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3 Poor Planning Practices (plus progress paths)

Land use planning has become incremental & slow, stuck in its own regulatory approval process that frequently is inconsistent with long term plans & woefully inadequate to address the existing housing supply crisis with 1.5 million immigrants arriving per year. Three fundamental fixes are proposed.  

Poor Planning Practice #1 – New OCP & Ancient Zoning Bylaw

How many communities have a relatively new OCP & still have a last century (1970-1999) Zoning Bylaw? The stack of amendments is often bigger than the original bylaw. All that work & budget put into a multi-year review of the visionary OCP that never gets implemented in the regulatory bylaw which actually controls development. Community members are asked for their vision, hopes & wishes in an OCP review. All the current best practices are lauded & included with nothing good left out. This usually results in 200 years of work program items without any obligation to implement them. This is both misleading to the public who thought they were going to get something (or everything!) done & a lack of leadership to make the tough decisions on priorities & funding.

Solutions: Require zoning bylaws to be consistent with OCPs within 2 years of OCP adoption. Allow a combined OCP & Zoning Bylaw. Use a performance-based code to avoid the myriad of regulations requiring review. And how about some reverse planning with higher density being as-of-right with lower density requiring bylaw amendments?  

Poor Planning Practice #2 – Taxpayers Subsidizing Planning Fees & Development Charges

Existing taxpayers subsidize both planning fees & development cost charges with the benefit going to the developer – often not passed on to the occupiers of the development. In regional districts, a recent survey showed only a 5% cost recovery of planning fees – a 95% subsidy. DCCs are blamed as being too expensive, driving up the cost of development, making housing unaffordable & a tax grab by local government. DCCs simply allow for some cost recovery of installing hard services essential to land development – full cost recovery of all services by local government to development are not permitted by legislation. As local governments are funded mostly by property taxes, existing taxpayers fund “the gap” – now estimated to be over $200 billion across Canada.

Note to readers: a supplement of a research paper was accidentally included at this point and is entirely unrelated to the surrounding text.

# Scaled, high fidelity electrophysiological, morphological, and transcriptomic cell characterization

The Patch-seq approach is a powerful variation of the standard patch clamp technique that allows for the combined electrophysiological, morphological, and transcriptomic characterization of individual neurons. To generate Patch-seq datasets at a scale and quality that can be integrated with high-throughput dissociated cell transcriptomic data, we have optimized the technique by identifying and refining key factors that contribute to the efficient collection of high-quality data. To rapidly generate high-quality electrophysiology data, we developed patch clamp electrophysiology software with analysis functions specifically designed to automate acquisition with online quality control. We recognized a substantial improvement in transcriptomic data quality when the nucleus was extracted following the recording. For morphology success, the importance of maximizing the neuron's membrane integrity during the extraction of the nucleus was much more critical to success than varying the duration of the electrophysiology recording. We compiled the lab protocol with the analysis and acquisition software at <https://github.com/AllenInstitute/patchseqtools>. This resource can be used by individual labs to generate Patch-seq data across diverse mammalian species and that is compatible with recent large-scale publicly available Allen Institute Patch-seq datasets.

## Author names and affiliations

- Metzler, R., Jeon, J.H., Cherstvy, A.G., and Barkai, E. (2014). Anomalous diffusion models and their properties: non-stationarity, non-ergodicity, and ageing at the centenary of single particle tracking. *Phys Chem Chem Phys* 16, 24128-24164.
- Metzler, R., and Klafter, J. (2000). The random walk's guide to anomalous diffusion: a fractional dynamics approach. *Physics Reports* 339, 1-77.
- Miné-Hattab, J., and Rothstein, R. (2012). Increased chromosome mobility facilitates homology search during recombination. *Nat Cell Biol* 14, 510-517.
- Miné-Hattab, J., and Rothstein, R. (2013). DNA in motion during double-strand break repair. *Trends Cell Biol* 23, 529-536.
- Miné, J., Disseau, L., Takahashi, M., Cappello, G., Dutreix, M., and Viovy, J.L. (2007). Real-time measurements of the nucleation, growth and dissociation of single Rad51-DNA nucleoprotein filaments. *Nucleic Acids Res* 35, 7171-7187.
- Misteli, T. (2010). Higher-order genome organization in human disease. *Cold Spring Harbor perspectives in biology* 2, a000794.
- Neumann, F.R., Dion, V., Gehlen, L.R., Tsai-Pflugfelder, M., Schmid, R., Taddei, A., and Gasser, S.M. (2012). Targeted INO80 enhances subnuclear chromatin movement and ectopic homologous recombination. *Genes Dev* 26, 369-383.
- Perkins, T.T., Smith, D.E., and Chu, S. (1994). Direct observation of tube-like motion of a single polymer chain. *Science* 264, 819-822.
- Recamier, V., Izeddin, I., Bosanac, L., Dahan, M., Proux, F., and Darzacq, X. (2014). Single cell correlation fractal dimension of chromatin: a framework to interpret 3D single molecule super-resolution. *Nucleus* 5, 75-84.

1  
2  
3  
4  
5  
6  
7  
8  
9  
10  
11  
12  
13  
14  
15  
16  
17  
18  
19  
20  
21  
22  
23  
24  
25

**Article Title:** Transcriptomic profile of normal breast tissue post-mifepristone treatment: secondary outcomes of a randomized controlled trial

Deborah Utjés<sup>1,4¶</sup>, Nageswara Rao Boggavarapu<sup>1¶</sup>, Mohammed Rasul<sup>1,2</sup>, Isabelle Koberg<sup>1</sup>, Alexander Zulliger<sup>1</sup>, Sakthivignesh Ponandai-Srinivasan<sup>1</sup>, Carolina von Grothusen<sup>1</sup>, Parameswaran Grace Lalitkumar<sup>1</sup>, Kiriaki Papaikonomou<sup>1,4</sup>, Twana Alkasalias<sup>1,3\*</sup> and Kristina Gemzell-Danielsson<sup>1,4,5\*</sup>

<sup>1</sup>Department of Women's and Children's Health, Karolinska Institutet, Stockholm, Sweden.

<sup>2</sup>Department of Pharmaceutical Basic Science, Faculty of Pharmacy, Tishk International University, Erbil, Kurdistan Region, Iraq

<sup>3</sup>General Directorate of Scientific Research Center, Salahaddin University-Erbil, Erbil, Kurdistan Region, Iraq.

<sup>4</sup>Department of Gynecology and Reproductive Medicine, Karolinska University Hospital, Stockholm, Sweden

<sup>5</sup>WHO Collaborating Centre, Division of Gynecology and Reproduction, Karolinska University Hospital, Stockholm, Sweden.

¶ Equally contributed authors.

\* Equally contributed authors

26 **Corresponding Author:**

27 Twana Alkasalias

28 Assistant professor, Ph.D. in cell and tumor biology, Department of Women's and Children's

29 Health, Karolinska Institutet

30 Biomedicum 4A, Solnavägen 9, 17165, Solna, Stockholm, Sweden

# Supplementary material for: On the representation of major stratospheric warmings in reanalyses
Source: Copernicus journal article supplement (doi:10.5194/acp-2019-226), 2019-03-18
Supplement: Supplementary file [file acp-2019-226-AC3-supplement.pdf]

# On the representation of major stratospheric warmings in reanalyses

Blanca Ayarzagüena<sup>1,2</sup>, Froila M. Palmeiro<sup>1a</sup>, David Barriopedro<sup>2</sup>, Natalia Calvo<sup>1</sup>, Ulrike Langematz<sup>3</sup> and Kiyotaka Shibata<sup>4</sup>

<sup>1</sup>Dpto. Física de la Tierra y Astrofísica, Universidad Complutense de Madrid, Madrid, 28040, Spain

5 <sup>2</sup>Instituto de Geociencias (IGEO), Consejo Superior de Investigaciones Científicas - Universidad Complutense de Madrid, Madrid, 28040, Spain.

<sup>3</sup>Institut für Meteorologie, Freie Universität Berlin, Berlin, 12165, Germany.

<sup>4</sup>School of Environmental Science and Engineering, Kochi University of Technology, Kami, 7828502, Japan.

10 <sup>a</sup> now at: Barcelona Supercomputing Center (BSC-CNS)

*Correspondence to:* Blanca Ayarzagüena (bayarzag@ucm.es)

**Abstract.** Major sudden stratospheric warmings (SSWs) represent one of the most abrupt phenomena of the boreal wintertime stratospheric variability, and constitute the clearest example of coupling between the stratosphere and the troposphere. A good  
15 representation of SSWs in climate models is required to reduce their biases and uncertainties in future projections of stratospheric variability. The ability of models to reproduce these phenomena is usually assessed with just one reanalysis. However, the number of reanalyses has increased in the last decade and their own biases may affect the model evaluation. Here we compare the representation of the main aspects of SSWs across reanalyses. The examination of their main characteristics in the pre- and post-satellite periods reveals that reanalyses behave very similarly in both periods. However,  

Solutions: Move to user pay practices. Fuller cost recovery would reduce infrastructure funding gaps, enable more planners to be hired to process development applications & in the long run, reduce some land inflation as more cost recovery should reduce land purchase prices. If infrastructure charges were made per unit density, higher density would be incented. Make growth management plans the master asset management plan required to prepare & approve capital budgets. Land use plans front end the infrastructure required to be built in a community.  

Poor Planning Practice #3 – Approving Development in Hazard Lands

The Municipal Insurance Association of BC (MIABC) has reported evolving liability climate change risk for local governments & advises local governments can be held liable for development decisions in areas of reasonably foreseeable hazards such as flood plains or high risk fire areas.

Solutions: To address increasing risk, MAIBC has recommended:

  • Know your climate change projections.
  • Integrate natural assets in your community into your asset management plan. Understand how they impact your drainage & flooding risk.
  • Consider how development decisions will impact drainage, flooding, slope stability & wildfire risks. Make a clear decision regarding the service levels & regularly reassess anticipating the impacts of future climate change.

Have a written policy, preferably Board/Council approved, that sets out & explains that service level for engineered & natural assets.